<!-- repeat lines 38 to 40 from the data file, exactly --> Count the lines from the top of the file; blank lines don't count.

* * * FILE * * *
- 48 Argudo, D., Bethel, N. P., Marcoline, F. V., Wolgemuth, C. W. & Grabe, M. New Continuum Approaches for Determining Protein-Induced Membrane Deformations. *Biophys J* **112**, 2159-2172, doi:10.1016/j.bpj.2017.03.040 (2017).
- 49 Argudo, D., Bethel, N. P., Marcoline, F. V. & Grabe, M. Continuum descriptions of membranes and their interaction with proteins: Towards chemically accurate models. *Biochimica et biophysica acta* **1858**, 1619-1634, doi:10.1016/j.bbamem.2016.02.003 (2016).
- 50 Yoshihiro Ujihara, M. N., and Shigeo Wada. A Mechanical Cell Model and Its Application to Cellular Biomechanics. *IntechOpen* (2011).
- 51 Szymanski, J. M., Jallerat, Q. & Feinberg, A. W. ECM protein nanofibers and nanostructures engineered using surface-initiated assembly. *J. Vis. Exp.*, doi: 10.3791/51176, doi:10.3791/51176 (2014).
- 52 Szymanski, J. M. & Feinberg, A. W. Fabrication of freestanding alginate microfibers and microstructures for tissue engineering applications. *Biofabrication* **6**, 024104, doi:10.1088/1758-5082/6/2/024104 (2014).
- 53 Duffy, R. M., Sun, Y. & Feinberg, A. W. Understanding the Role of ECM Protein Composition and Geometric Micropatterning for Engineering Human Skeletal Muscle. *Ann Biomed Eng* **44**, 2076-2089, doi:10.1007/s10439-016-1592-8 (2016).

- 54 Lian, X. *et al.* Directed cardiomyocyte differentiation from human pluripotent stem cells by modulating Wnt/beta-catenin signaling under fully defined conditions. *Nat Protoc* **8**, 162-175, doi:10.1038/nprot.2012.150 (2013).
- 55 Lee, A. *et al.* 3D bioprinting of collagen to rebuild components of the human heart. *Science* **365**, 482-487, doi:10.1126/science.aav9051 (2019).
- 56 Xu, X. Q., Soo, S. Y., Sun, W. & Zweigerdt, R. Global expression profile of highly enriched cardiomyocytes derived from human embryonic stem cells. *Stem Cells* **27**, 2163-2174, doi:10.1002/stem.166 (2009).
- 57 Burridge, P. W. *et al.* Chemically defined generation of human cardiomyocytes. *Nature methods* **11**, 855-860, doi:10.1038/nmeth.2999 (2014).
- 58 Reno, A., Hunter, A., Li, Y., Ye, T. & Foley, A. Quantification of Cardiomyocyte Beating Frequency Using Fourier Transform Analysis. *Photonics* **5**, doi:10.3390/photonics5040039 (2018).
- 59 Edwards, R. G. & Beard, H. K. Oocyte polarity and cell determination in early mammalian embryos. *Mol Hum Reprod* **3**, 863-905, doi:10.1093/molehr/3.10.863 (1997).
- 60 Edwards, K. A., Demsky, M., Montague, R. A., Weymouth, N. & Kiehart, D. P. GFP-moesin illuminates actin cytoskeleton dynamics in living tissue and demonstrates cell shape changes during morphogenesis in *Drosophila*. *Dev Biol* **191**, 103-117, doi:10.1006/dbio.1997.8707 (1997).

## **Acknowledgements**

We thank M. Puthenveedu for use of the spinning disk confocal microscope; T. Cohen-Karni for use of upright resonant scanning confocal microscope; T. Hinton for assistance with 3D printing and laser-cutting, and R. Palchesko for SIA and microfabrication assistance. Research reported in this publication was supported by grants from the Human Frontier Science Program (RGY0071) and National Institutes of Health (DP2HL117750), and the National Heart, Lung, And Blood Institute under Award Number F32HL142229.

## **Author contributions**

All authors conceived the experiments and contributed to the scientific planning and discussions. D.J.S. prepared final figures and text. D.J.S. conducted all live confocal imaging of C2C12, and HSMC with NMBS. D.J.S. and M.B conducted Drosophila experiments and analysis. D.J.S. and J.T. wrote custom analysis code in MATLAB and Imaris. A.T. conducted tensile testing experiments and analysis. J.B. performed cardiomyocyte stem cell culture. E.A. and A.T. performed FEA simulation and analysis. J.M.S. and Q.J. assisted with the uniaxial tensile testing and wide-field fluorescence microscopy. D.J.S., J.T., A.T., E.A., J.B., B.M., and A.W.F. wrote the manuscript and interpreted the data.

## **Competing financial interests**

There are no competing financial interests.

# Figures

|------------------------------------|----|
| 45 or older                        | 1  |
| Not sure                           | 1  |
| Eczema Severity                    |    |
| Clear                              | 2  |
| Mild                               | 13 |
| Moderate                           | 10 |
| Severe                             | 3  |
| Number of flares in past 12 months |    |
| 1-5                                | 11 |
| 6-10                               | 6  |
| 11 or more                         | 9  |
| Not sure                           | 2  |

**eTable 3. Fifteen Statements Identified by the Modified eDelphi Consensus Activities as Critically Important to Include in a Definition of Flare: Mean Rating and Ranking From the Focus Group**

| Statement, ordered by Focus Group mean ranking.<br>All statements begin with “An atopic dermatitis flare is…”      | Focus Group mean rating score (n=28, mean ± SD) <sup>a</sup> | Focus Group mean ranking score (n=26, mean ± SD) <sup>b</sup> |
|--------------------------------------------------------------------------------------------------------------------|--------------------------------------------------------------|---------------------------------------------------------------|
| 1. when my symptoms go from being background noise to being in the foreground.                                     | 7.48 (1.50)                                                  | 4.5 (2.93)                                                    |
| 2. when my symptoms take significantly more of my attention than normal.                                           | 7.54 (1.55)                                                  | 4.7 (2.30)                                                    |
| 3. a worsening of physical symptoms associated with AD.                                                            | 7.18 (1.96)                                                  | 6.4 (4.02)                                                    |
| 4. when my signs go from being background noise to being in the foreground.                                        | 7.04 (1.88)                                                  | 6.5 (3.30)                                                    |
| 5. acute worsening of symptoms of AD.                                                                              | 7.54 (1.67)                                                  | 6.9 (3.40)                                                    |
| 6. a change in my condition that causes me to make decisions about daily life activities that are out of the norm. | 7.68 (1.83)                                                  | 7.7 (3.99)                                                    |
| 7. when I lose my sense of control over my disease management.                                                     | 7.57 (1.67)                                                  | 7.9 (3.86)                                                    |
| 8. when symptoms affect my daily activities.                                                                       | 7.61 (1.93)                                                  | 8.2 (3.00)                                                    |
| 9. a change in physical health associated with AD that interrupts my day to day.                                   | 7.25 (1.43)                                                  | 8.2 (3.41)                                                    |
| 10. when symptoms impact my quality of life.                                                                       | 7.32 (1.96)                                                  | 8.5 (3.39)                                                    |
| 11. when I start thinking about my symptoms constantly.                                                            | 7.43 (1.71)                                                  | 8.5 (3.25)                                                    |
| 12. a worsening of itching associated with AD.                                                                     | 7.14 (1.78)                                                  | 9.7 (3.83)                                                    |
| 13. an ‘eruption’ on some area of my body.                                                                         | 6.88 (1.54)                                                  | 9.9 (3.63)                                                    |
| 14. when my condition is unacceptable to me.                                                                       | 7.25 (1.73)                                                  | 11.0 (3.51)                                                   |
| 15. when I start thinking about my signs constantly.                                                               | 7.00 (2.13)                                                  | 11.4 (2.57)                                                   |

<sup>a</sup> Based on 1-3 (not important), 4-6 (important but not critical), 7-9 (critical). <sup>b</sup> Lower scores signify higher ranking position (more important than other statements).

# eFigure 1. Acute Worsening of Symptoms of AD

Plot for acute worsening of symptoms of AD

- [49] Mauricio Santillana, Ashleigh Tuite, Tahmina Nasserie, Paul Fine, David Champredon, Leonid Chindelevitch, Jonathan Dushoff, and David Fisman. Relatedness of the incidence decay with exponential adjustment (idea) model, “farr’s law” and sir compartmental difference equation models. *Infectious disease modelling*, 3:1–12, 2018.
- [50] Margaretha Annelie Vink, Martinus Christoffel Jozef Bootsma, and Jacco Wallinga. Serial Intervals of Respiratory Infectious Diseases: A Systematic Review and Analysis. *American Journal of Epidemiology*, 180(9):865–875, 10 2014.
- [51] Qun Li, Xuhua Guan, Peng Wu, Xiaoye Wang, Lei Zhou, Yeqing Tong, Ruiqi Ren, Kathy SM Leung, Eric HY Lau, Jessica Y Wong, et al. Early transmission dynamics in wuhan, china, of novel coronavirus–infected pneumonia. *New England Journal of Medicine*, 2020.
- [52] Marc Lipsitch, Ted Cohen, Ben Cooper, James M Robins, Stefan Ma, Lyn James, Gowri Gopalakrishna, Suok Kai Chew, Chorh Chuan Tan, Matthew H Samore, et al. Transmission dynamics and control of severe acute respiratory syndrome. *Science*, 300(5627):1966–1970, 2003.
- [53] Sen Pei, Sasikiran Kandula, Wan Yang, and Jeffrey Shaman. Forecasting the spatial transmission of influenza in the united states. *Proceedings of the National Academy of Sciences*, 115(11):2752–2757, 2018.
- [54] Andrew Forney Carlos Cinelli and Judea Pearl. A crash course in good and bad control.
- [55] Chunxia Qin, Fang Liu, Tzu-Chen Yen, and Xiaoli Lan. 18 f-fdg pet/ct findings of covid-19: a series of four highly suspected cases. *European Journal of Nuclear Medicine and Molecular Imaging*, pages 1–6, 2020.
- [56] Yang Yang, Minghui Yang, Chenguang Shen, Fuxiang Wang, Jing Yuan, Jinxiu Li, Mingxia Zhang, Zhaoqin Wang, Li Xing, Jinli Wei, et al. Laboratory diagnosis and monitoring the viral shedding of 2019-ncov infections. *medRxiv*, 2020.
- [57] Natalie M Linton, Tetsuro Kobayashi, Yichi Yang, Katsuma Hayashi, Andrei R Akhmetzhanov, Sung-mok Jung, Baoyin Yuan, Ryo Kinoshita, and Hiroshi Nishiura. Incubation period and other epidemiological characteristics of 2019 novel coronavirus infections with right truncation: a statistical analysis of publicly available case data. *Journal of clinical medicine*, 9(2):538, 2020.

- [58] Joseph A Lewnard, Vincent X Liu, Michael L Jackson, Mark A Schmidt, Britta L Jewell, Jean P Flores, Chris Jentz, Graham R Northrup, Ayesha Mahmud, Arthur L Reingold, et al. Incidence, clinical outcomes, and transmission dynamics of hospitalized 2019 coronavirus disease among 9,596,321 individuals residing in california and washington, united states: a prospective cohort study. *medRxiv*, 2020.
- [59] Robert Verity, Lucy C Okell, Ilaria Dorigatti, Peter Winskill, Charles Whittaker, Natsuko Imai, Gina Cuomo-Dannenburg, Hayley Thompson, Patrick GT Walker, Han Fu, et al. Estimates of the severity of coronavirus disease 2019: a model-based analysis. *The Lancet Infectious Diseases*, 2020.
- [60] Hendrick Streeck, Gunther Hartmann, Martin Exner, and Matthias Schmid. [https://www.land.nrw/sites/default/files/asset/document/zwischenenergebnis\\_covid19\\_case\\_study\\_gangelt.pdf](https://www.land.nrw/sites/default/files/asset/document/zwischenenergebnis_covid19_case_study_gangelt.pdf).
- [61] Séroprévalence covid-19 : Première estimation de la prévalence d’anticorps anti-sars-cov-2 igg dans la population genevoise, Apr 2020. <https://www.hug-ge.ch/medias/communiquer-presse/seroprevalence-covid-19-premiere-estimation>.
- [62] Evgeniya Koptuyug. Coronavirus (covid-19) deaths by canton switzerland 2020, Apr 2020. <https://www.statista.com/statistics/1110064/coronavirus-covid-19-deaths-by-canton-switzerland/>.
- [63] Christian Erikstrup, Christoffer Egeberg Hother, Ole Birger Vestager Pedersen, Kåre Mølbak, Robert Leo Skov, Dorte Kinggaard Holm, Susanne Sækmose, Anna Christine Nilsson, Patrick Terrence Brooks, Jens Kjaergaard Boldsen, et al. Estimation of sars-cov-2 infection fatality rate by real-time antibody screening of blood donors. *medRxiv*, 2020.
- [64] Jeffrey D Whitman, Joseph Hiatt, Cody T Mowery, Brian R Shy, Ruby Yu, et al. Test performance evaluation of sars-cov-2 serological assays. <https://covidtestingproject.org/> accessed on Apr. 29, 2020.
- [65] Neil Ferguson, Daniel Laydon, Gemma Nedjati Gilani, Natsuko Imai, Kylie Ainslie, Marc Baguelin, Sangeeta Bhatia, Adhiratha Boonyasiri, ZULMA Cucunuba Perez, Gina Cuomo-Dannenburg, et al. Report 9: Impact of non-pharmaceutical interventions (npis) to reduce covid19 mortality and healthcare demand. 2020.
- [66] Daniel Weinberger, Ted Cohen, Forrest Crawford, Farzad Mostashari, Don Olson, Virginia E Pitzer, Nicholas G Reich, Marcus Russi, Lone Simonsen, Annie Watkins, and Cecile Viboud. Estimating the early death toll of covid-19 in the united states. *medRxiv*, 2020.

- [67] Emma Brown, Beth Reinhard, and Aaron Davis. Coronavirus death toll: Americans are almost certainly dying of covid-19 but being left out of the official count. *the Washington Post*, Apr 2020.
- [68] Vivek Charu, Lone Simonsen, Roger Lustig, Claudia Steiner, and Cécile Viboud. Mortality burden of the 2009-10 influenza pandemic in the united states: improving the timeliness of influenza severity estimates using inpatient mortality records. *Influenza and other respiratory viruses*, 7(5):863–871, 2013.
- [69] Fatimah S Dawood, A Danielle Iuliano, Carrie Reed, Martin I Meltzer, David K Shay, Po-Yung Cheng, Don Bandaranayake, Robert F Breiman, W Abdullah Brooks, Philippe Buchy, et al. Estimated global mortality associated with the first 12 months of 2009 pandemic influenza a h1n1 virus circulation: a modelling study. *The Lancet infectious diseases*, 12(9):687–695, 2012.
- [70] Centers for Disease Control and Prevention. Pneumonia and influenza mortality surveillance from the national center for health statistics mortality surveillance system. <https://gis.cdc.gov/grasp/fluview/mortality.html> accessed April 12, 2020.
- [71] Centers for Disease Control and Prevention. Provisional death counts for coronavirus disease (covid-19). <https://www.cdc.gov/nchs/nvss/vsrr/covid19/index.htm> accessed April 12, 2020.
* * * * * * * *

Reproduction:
| 2. when my symptoms take significantly more of my attention than normal.                                           | 7.54 (1.55)                                                  | 4.7 (2.30)                                                    |
| 3. a worsening of physical symptoms associated with AD.                                                            | 7.18 (1.96)                                                  | 6.4 (4.02)                                                    |
| 4. when my signs go from being background noise to being in the foreground.                                        | 7.04 (1.88)                                                  | 6.5 (3.30)                                                    |